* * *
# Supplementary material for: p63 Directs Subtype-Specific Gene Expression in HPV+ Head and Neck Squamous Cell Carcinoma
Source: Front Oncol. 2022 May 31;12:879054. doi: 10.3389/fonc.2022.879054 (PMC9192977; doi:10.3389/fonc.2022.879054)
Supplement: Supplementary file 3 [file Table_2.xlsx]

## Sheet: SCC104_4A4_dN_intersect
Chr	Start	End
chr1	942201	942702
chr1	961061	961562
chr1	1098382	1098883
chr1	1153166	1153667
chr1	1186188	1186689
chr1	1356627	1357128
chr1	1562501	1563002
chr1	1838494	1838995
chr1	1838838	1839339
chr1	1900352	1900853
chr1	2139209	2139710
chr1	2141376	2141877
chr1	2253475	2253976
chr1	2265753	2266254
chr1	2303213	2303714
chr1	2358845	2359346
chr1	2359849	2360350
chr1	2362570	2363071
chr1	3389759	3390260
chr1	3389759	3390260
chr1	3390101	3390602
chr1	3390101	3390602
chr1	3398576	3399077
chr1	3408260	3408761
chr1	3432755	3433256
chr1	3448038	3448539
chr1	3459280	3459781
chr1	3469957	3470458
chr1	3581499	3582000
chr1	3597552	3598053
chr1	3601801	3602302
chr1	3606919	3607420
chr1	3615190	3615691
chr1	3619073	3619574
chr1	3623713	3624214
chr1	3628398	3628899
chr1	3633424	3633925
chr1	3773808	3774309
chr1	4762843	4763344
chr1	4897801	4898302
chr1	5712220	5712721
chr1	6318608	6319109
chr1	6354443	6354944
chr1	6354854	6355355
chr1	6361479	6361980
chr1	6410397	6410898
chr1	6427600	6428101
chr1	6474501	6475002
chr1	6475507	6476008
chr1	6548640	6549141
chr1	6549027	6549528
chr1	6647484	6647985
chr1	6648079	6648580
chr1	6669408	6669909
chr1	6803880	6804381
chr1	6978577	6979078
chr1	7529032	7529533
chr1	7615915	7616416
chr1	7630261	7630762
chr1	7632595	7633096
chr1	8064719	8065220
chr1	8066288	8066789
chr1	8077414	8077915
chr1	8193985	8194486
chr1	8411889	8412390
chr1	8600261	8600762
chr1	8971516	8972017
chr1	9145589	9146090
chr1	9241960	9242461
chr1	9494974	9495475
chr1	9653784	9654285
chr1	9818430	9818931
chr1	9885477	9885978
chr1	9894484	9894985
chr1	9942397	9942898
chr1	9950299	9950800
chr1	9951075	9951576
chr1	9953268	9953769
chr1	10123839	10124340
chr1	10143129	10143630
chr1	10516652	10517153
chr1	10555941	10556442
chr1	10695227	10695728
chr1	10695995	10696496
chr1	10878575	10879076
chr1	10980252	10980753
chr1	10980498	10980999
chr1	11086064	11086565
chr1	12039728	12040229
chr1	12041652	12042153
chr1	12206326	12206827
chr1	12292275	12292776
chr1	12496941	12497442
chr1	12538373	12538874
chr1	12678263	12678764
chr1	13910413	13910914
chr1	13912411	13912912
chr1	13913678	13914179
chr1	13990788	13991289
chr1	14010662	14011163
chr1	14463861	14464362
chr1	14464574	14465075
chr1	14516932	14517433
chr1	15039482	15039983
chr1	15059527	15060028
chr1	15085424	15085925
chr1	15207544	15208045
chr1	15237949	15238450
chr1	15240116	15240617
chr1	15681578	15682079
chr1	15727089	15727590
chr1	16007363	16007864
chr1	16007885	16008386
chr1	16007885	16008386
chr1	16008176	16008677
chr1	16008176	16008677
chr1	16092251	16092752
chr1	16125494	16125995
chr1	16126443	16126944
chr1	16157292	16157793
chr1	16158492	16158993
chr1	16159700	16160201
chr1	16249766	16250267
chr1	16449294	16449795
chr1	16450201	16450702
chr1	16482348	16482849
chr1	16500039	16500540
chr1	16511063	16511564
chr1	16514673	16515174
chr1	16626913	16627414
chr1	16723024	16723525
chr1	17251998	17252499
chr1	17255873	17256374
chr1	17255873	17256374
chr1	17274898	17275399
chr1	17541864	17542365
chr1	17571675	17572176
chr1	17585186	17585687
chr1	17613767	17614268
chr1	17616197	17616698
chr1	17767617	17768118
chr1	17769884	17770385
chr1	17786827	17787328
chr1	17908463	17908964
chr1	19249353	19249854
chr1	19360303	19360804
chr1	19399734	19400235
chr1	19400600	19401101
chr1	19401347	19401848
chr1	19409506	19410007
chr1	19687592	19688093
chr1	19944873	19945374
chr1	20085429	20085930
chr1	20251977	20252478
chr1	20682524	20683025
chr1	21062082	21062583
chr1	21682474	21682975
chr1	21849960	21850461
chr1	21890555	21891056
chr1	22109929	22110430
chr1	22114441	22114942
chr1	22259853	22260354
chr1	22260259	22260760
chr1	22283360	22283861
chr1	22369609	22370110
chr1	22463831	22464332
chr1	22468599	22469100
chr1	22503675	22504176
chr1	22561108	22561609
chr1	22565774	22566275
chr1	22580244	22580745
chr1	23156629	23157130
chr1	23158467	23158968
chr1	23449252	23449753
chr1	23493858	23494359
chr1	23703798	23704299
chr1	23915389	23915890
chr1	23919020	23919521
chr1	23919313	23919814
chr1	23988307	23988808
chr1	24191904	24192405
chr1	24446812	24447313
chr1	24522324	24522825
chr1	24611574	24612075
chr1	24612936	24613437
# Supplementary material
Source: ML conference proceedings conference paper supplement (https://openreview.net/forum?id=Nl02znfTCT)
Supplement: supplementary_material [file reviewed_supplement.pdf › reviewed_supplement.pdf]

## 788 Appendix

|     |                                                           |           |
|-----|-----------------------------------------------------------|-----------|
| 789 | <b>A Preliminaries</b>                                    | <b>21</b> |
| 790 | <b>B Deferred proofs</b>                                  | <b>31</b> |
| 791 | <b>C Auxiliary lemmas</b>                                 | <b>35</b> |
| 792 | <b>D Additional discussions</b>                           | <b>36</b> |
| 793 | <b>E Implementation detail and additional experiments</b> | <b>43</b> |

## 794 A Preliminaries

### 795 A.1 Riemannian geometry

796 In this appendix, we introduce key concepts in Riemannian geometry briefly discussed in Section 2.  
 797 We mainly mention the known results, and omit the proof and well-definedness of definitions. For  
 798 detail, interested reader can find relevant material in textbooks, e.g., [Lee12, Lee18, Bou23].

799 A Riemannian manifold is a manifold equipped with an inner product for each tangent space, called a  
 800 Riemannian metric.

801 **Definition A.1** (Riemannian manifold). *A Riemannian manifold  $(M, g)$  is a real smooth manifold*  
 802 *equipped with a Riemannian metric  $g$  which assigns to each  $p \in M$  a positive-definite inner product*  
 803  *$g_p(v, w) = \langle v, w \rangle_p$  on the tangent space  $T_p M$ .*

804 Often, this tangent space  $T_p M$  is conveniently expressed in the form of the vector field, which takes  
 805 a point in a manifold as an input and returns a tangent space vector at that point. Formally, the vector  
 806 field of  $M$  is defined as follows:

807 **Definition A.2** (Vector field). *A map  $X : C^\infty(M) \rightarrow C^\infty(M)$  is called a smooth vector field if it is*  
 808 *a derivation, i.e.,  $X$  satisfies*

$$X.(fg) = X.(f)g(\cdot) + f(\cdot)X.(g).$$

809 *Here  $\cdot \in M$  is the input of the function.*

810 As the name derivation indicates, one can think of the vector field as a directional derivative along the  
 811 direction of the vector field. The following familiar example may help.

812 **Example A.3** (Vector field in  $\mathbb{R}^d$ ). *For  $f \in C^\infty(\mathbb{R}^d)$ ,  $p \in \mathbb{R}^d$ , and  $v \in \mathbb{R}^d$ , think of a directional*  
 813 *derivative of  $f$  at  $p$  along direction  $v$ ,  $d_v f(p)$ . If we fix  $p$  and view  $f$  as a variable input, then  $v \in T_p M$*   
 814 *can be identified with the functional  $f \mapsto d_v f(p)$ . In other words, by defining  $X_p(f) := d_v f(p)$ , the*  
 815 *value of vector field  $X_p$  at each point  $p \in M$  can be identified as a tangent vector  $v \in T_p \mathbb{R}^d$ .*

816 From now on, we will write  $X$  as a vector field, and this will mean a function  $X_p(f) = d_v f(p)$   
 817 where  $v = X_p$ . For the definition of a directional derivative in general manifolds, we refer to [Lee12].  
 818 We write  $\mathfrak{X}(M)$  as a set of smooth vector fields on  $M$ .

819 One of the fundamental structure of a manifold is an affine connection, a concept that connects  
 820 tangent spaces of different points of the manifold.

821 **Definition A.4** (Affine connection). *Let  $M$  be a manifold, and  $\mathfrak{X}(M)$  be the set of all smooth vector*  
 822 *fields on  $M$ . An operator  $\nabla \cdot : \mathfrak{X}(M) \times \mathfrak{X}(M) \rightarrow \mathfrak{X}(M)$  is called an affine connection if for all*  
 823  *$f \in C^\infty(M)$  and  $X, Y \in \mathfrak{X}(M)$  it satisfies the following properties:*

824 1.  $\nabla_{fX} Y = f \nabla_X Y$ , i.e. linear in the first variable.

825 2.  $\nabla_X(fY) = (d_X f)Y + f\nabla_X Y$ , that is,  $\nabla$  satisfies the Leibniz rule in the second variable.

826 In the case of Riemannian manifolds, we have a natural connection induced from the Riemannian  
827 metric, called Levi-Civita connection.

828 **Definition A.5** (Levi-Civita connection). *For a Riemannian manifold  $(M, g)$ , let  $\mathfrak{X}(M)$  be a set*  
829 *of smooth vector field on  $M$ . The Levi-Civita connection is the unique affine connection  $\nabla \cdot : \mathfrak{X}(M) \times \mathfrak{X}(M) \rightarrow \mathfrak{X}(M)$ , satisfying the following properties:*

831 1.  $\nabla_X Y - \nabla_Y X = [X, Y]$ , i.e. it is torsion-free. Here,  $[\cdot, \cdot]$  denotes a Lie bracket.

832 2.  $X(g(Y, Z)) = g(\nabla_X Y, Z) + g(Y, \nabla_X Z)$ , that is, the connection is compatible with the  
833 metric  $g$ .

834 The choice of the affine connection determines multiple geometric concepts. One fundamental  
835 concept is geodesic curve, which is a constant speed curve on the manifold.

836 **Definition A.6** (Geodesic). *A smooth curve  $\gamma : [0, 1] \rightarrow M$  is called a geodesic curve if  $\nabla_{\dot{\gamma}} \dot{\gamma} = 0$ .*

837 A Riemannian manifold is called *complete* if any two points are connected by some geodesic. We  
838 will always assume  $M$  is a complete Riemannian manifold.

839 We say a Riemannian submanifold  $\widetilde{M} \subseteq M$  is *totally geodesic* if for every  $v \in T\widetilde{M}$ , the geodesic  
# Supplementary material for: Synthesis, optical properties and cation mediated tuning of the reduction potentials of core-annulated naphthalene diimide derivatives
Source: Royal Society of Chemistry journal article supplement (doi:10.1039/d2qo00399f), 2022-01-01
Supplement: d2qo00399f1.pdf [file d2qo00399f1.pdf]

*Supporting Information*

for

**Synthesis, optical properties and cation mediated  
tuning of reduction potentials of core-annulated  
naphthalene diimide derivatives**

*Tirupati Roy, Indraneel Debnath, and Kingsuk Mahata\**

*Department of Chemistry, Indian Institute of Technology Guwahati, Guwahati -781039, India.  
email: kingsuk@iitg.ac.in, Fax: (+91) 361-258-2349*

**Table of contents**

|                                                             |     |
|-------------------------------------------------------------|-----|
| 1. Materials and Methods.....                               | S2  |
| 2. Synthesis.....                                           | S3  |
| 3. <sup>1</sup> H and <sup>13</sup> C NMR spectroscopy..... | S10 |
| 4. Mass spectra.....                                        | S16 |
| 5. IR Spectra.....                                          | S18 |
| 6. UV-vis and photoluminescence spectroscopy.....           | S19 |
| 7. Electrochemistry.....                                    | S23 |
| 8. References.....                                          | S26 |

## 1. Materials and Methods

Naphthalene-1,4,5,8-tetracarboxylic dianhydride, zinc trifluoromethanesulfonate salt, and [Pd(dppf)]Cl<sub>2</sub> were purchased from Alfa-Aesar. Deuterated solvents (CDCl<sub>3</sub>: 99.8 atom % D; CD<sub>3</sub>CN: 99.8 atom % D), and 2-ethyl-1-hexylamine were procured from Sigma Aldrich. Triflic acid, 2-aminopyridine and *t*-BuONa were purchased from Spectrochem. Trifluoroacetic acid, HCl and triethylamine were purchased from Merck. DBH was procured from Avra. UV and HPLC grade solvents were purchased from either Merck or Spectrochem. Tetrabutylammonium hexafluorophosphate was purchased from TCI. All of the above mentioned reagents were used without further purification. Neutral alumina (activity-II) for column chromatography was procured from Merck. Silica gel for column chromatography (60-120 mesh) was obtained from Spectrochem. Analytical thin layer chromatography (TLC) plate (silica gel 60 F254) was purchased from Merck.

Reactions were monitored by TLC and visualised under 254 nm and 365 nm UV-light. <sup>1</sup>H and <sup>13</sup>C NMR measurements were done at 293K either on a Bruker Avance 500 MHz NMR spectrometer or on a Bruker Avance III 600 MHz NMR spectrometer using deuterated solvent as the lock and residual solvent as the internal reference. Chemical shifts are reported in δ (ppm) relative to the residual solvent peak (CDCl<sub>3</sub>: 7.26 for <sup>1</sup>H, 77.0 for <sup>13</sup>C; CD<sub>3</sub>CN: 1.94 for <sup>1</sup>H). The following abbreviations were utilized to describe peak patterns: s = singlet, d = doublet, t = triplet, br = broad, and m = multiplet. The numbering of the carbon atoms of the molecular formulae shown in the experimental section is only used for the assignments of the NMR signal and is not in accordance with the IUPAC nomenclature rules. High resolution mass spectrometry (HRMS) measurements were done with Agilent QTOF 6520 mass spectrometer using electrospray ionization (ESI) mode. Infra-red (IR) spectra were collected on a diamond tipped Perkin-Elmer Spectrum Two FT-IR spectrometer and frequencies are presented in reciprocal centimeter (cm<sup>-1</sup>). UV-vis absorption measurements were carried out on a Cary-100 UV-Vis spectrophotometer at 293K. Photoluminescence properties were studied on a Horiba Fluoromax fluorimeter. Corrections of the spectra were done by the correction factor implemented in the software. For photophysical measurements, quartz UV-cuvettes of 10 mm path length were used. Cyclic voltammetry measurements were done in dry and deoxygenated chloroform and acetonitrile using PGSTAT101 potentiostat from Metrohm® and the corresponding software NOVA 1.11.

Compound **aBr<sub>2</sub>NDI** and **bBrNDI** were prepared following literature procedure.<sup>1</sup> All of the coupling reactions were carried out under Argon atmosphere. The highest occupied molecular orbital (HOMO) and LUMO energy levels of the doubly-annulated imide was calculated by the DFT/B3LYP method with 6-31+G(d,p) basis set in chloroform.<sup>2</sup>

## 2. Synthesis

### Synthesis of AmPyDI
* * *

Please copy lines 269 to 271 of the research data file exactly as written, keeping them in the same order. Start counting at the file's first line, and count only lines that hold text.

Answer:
| 8. References.....                                          | S26 |

## 1. Materials and Methods

Naphthalene-1,4,5,8-tetracarboxylic dianhydride, zinc trifluoromethanesulfonate salt, and [Pd(dppf)]Cl<sub>2</sub> were purchased from Alfa-Aesar. Deuterated solvents (CDCl<sub>3</sub>: 99.8 atom % D; CD<sub>3</sub>CN: 99.8 atom % D), and 2-ethyl-1-hexylamine were procured from Sigma Aldrich. Triflic acid, 2-aminopyridine and *t*-BuONa were purchased from Spectrochem. Trifluoroacetic acid, HCl and triethylamine were purchased from Merck. DBH was procured from Avra. UV and HPLC grade solvents were purchased from either Merck or Spectrochem. Tetrabutylammonium hexafluorophosphate was purchased from TCI. All of the above mentioned reagents were used without further purification. Neutral alumina (activity-II) for column chromatography was procured from Merck. Silica gel for column chromatography (60-120 mesh) was obtained from Spectrochem. Analytical thin layer chromatography (TLC) plate (silica gel 60 F254) was purchased from Merck.